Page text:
…And no mention of European politics would be complete without Greece, where the government was busy approving a budget for grown-ups. There were spending cuts and tax increases: but as we have seen so often with Greece, imposing tax increases is one thing, collecting them quite another…

Both of Europe’s leading stock markets – Germany and France – did well in 2015, with rises of 10% and 9% respectively. Having started the year at 9,806 the German DAX index closed at 10,743. There was a fall of 6% in December, but a rise of 10% represents a good year nonetheless. It was a similar picture in France, with the market also falling by 6% in December, but ending the year at 4,677 from a starting point of 4,273.


At last! After months of will-they-won’t-they, the US Federal reserve finally raised interest rates by 0.25%, in the first increase since 2006.

The move – which looked inevitable following Janet Yellen’s ‘strong economy’ comments at the beginning of the month – meant an increase from 0.25% to 0.5%. It will undoubtedly cause ripples around the world, possibly adding to the pressure for a rate rise in the UK and definitely meaning higher borrowing costs for developing economies, some of which are already struggling with low growth.

Someone who isn’t struggling with low growth is Facebook boss Mark Zuckerberg. Following the birth of his daughter he announced that he’d be giving away 99% of his fortune: why didn’t he wait until he had teenage children? It would have happened automatically…

The US economy added 211,000 jobs in November, slightly above expectations, whilst the jobless rate remained steady at a seven year low of 5%.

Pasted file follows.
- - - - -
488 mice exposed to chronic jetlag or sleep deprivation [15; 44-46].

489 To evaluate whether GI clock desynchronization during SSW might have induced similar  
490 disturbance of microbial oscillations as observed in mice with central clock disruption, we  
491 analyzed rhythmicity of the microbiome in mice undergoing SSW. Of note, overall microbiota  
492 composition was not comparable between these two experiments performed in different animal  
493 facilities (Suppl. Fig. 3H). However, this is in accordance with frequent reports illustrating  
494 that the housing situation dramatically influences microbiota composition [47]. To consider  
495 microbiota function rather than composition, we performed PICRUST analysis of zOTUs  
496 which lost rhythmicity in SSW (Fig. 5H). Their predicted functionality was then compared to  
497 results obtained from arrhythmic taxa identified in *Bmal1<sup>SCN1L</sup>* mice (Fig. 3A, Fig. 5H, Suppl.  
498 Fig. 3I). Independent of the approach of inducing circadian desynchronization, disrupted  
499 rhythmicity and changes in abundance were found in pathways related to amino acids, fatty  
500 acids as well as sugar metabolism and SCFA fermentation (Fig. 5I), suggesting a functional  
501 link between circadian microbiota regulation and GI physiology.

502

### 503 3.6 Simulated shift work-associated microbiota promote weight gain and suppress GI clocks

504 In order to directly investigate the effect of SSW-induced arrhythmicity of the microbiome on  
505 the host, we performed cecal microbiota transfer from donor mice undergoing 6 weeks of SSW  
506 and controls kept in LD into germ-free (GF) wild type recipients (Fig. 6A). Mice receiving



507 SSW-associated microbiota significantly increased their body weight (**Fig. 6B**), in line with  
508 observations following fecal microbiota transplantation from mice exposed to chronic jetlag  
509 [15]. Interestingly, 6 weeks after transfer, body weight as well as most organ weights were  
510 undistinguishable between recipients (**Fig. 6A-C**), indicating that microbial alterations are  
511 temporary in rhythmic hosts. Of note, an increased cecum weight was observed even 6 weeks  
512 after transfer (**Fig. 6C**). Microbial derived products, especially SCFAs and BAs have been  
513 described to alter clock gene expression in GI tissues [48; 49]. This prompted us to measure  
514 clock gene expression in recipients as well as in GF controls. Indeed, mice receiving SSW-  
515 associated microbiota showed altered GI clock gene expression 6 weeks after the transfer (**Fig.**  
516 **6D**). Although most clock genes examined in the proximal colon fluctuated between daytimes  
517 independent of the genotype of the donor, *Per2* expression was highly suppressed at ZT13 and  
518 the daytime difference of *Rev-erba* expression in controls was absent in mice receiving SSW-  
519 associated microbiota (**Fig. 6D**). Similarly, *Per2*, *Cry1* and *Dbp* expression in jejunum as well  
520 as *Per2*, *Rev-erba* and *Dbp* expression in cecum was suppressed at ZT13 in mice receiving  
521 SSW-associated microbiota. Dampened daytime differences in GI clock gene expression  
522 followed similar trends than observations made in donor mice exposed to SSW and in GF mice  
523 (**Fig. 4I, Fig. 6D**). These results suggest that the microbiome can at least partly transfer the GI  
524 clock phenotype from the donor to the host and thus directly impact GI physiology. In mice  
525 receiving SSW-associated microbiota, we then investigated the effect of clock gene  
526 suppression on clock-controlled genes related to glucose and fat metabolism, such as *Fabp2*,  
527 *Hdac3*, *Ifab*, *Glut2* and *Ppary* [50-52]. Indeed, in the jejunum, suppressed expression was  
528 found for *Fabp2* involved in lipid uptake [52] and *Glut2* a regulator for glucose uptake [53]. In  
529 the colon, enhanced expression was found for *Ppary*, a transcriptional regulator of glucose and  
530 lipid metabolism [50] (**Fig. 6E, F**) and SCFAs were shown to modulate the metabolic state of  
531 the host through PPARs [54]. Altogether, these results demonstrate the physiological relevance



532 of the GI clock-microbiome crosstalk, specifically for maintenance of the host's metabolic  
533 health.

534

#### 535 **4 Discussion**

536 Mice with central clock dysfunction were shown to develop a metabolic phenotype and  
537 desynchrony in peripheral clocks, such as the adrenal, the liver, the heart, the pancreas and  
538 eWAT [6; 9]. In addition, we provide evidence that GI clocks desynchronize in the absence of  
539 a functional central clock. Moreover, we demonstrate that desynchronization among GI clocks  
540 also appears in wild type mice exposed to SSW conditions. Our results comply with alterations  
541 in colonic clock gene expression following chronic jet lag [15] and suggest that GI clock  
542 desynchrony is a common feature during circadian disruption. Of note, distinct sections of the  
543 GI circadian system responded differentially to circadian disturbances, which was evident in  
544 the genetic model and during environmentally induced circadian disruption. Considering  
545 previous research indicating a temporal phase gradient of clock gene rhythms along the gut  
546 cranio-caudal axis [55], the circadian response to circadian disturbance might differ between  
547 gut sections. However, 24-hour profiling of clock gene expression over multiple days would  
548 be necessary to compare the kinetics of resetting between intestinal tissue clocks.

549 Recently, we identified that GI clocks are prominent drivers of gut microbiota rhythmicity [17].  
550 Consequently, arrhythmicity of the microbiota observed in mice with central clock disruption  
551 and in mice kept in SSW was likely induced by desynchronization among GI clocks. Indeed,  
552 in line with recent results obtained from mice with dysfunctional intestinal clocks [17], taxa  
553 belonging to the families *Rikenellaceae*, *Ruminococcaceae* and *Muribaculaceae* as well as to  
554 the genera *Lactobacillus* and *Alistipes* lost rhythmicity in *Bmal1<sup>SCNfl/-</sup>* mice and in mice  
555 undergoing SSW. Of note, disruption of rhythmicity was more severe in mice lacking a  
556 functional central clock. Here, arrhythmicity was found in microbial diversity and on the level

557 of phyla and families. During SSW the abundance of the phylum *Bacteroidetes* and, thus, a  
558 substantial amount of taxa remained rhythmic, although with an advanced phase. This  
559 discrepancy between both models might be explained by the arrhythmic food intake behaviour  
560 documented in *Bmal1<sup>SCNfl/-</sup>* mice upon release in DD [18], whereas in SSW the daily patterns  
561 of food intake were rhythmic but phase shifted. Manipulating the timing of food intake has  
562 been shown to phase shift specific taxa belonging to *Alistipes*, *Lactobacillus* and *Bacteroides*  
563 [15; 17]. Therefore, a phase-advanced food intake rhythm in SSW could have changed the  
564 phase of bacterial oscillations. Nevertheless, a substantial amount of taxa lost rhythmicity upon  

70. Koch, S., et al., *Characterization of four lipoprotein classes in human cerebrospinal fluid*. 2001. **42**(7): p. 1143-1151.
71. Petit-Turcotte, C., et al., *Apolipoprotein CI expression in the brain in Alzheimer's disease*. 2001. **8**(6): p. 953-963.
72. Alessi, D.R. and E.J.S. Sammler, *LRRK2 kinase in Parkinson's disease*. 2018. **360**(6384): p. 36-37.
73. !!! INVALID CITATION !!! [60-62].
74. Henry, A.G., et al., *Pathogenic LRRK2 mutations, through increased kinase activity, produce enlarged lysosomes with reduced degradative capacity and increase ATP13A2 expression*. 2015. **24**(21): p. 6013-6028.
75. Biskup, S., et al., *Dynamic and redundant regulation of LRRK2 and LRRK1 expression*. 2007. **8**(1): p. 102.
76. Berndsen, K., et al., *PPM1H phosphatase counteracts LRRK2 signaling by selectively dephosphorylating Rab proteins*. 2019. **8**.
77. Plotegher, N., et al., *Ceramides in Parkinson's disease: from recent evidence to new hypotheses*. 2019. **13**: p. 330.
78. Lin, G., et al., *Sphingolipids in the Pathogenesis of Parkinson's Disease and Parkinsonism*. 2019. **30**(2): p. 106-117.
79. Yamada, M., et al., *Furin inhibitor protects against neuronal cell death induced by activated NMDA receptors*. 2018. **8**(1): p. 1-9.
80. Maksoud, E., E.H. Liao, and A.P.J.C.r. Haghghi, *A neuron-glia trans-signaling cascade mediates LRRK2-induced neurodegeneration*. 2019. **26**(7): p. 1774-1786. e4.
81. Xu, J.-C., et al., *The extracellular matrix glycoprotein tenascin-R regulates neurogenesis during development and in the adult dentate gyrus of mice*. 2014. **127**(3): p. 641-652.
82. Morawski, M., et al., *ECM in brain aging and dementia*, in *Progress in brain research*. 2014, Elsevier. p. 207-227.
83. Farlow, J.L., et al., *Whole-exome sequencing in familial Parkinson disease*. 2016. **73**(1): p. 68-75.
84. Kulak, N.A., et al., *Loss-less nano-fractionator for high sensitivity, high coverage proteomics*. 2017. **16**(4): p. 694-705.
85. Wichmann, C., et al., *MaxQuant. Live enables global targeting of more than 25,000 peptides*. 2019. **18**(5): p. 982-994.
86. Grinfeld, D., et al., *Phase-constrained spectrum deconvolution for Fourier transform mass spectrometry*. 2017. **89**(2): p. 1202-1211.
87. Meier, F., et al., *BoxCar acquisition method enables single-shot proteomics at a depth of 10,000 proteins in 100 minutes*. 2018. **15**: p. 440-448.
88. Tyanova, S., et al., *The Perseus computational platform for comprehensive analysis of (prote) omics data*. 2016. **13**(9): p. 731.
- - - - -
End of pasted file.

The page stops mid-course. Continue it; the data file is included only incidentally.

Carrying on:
However, this good news on jobs was countered by growth for the third quarter being revised down from 2.1% to 2.0% and by a slump in house sales as buyers struggled with new ‘Know before you Owe’ regulations.

In company news Dow and DuPont are to merge, creating a chemicals group valued at $130bn whilst – almost unbelievably – a company which is not an iPhone app was sold for $13.9bn. Keurig Green Mountain makes single-serve coffee pods, and has accepted a bid from a German investment firm whose directors presumably need more than one espresso to kick-start their day.

The Dow Jones index certainly needed more than one espresso, finishing December at 17,425 – down by 2% for both December and the year as a whole. Having started 2015 at 17,823 this was the Dow’s worst performance for seven years.

Far East

We have written frequently over the year about the economic slowdown in China and the impact that it’s having on world trade. Let’s consider another problem facing the country – air quality and pollution. Anyone who’s seen a news bulletin from Beijing lately will have noticed the very low visibility in China’s capital – and now the country is to receive a $300m loan from the Asian Development Bank specifically to help it combat dangerous pollution levels in Beijing and the surrounding area, which the ADB describes as ‘jeopardising health and sustainable growth.’